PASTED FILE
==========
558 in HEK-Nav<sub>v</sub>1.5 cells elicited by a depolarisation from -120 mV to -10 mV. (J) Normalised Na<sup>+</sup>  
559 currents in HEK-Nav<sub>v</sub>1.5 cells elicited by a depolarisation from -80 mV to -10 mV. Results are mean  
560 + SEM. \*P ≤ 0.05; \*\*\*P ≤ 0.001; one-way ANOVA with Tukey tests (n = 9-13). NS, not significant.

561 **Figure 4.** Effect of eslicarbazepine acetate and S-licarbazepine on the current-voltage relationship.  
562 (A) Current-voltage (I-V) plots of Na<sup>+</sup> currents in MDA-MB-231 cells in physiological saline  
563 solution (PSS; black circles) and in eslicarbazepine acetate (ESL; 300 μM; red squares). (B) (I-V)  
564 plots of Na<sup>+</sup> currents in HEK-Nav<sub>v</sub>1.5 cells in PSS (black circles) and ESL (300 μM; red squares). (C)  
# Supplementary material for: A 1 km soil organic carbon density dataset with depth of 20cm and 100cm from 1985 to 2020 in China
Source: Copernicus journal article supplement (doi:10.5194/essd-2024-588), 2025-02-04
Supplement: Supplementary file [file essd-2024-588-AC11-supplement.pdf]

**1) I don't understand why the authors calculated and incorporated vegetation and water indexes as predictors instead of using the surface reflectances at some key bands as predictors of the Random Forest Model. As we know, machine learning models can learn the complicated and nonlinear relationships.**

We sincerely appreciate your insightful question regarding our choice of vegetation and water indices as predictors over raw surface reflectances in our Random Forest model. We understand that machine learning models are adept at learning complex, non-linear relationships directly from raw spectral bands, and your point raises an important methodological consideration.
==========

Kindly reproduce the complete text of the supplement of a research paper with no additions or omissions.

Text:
558 in HEK-Nav<sub>v</sub>1.5 cells elicited by a depolarisation from -120 mV to -10 mV. (J) Normalised Na<sup>+</sup>  
559 currents in HEK-Nav<sub>v</sub>1.5 cells elicited by a depolarisation from -80 mV to -10 mV. Results are mean  
560 + SEM. \*P ≤ 0.05; \*\*\*P ≤ 0.001; one-way ANOVA with Tukey tests (n = 9-13). NS, not significant.

561 **Figure 4.** Effect of eslicarbazepine acetate and S-licarbazepine on the current-voltage relationship.  
562 (A) Current-voltage (I-V) plots of Na<sup>+</sup> currents in MDA-MB-231 cells in physiological saline  
563 solution (PSS; black circles) and in eslicarbazepine acetate (ESL; 300 μM; red squares). (B) (I-V)  
564 plots of Na<sup>+</sup> currents in HEK-Nav<sub>v</sub>1.5 cells in PSS (black circles) and ESL (300 μM; red squares). (C)  
# Supplementary material for: A 1 km soil organic carbon density dataset with depth of 20cm and 100cm from 1985 to 2020 in China
Source: Copernicus journal article supplement (doi:10.5194/essd-2024-588), 2025-02-04
Supplement: Supplementary file [file essd-2024-588-AC11-supplement.pdf]

**1) I don't understand why the authors calculated and incorporated vegetation and water indexes as predictors instead of using the surface reflectances at some key bands as predictors of the Random Forest Model. As we know, machine learning models can learn the complicated and nonlinear relationships.**

We sincerely appreciate your insightful question regarding our choice of vegetation and water indices as predictors over raw surface reflectances in our Random Forest model. We understand that machine learning models are adept at learning complex, non-linear relationships directly from raw spectral bands, and your point raises an important methodological consideration.